- NAME: James Madison
- OCCUPATION: U.S. President
- BIRTH DATE: March 16, 1751
- DEATH DATE: June 28, 1836
- EDUCATION: College of New Jersey (now Princeton University)
- PLACE OF BIRTH: Port Conway, Virginia
- PLACE OF DEATH: Orange County (Montpelier), Virginia
- Full Name: James Madison Jr.
- Nickname: "Father of the Constitution"
- AKA: James Madison
Best Known For
The fourth U.S. president, James Madison believed in a robust yet balanced federal government and is known as the "Father of the Constitution."
James Madison - War of 1812 (2:21)
At just 5'4", James Madison was hardly a commanding presence, but that didn't stop him from shaping American history.
In 1812, James Madison became the first U.S. president to ask Congress to declare war. Find out why he wanted to wage war against Britain and how his constituents felt about it.
Learn how first lady Dolley Madison saved one of America's first national treasures.
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Born on March 16, 1751, in Port Conway, Virginia, James Madison wrote the first drafts of the U.S. Constitution, co-wrote the Federalist Papers and sponsored the Bill of Rights. He established the Democrat-Republican Party with President Thomas Jefferson, and became president himself in 1808. Madison initiated the War of 1812,
"As a man is said to have a right to his property, he may be equally said to have a property in his rights."
and served two terms in the White House with first lady Dolley Madison. He died on June 28, 1836, at the Montpelier estate in Orange County, Virginia.
One of America's Founding Fathers, James Madison helped build the U.S. Constitution in the late 1700s. He also created the foundation for the Bill of Rights, acted as President Thomas Jefferson's secretary of state, and served two terms as president himself.
Born in 1751, Madison grew up in Orange County, Virginia. He was the oldest of twelve children, seven of whom lived to adulthood. His father, James, was a successful planter and owned more than 3,000 acres of land and dozens of slaves. He was also an influential figure in county affairs.
In 1762, Madison was sent to a boarding school run by Donald Robertson in King and Queen County, Virginia. He returned to his father's estate in Orange County, Virginia—called Montpelier—five years later. His father had him stay home and receive private tutoring because he was concerned about Madison's health. He would experience bouts of ill health throughout his life. After two years, Madison finally went to college in 1769, enrolling at the College of New Jersey—now known as Princeton University. There, Madison studied Latin, Greek, science and philosophy among other subjects. Graduating in 1771, he stayed on a while longer to continue his studies with the school's president, Reverend John Witherspoon.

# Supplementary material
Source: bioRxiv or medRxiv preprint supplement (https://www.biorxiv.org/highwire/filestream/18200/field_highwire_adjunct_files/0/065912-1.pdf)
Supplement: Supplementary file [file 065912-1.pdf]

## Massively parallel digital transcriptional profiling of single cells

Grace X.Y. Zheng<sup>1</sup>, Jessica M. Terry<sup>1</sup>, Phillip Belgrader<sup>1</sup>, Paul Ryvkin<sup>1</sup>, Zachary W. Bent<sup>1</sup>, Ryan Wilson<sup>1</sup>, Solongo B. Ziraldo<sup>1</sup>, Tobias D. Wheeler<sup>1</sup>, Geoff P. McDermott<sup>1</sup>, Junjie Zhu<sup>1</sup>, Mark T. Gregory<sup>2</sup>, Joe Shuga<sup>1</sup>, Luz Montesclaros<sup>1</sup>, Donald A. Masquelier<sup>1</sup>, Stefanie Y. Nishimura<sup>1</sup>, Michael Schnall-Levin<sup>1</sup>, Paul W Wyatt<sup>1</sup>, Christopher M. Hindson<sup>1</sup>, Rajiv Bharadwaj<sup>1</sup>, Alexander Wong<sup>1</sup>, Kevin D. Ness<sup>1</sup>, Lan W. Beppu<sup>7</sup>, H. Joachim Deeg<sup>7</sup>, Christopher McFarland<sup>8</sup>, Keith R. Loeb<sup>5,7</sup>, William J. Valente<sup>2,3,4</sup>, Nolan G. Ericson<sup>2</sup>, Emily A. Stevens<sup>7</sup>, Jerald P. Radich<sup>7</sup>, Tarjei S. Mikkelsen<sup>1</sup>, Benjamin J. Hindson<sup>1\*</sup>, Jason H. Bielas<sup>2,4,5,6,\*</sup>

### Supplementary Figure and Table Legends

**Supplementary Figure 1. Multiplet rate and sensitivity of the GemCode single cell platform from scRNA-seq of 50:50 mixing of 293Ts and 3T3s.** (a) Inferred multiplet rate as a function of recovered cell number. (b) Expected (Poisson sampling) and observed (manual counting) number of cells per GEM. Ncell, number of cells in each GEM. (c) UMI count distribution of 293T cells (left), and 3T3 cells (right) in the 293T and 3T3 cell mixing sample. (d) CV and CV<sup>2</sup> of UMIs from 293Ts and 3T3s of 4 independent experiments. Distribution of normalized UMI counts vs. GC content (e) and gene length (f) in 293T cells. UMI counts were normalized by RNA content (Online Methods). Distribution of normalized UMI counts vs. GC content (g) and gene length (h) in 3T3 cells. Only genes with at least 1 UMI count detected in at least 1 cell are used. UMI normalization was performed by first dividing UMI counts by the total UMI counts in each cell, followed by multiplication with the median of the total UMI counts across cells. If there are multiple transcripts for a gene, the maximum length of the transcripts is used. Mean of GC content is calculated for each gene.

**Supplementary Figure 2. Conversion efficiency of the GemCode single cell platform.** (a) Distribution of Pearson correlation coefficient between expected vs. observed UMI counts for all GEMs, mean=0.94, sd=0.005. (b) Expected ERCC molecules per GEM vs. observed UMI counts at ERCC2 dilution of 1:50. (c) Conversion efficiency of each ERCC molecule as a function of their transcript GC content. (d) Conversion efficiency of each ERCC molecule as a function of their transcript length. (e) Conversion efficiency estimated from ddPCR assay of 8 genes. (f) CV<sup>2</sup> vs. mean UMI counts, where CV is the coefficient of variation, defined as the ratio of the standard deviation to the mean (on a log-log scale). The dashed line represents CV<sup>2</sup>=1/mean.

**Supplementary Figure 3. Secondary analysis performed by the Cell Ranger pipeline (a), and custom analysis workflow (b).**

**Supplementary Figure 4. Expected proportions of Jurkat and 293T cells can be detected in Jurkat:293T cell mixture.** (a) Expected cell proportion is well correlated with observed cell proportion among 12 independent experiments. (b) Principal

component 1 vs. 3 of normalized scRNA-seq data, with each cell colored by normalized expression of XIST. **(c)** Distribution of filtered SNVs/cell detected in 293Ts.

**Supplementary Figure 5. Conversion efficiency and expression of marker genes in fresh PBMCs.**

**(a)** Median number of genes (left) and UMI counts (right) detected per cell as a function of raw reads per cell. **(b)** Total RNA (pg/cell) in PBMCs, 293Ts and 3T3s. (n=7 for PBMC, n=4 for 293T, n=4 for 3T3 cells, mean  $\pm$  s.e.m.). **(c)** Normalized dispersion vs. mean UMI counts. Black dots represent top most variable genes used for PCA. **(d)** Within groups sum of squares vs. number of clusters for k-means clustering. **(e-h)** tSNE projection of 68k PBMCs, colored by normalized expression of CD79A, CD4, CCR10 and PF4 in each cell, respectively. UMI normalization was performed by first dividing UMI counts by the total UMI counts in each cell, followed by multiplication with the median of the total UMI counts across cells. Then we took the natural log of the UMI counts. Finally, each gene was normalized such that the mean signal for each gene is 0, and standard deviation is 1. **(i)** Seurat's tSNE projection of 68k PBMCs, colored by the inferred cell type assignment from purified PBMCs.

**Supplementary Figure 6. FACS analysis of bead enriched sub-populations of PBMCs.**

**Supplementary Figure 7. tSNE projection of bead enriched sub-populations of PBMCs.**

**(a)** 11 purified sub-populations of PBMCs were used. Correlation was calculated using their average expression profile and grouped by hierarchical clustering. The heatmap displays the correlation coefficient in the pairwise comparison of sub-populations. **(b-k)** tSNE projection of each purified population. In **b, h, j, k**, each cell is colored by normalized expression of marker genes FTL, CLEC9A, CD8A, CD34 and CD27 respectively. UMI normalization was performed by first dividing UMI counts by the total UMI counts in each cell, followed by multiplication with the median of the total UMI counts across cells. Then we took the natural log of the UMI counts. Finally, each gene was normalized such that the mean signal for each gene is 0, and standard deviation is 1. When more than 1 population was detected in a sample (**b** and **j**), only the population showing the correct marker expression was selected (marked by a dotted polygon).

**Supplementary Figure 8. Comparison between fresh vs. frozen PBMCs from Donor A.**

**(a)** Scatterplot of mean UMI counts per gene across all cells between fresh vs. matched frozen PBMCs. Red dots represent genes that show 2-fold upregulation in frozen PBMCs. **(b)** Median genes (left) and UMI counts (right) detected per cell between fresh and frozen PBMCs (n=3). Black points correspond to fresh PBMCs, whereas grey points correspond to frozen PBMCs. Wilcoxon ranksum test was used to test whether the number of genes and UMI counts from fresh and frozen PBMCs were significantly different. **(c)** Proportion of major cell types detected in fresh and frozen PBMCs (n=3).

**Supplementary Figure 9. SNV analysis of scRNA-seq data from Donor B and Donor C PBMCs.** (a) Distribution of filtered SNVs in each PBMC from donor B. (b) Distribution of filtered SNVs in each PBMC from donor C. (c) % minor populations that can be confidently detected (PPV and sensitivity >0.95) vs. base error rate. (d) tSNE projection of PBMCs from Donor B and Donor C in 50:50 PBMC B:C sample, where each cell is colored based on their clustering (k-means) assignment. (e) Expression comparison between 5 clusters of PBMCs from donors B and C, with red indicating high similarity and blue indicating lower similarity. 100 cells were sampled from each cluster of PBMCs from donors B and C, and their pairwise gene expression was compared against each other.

Returning to Virginia in 1772, Madison soon found himself caught up in the tensions between the colonists and the British authorities. He was elected to the Orange County Committee of Safety in December of 1774, and joined the Virginia militia as a colonel the following year. Writing to college friend William Bradford, Madison sensed that "There is something at hand that shall greatly augment the history of the world."
The learned Madison was more of a writer than a fighter, though. And he put his talents to good use in 1776 at the Virginia Convention, as Orange County's representative. Around that time, he met Thomas Jefferson, and the pair soon began what would become a lifelong friendship. When Madison received an appointment to serve on the committee in charge of writing Virginia's constitution, he worked with George Mason on the draft. One of his special contributions was reworking some of the language about religious freedom.
In 1777, Madison lost his bid for a seat in the Virginia Assembly, but he was later appointed to the Governor's Council. He was a strong supporter of the American-French alliance during the revolution, and solely handled much of the council's correspondence with France.
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They are American icons—they're on our dollars and coins, they are the subject of our monuments, and we live our daily lives in the world their ideas helped create. America's "Founding Fathers" include George Washington, John Adams, Thomas Jefferson, James Madison, Alexander Hamilton and of course, Benjamin Franklin. These men, together with several other key players of their time, structured the American democracy and left a legacy that has shaped the world. But beyond their legends, these men were human beings who led complex and fascinating lives. Learning their stories helps us better understand what made them tick, as well as their influence on our world today.
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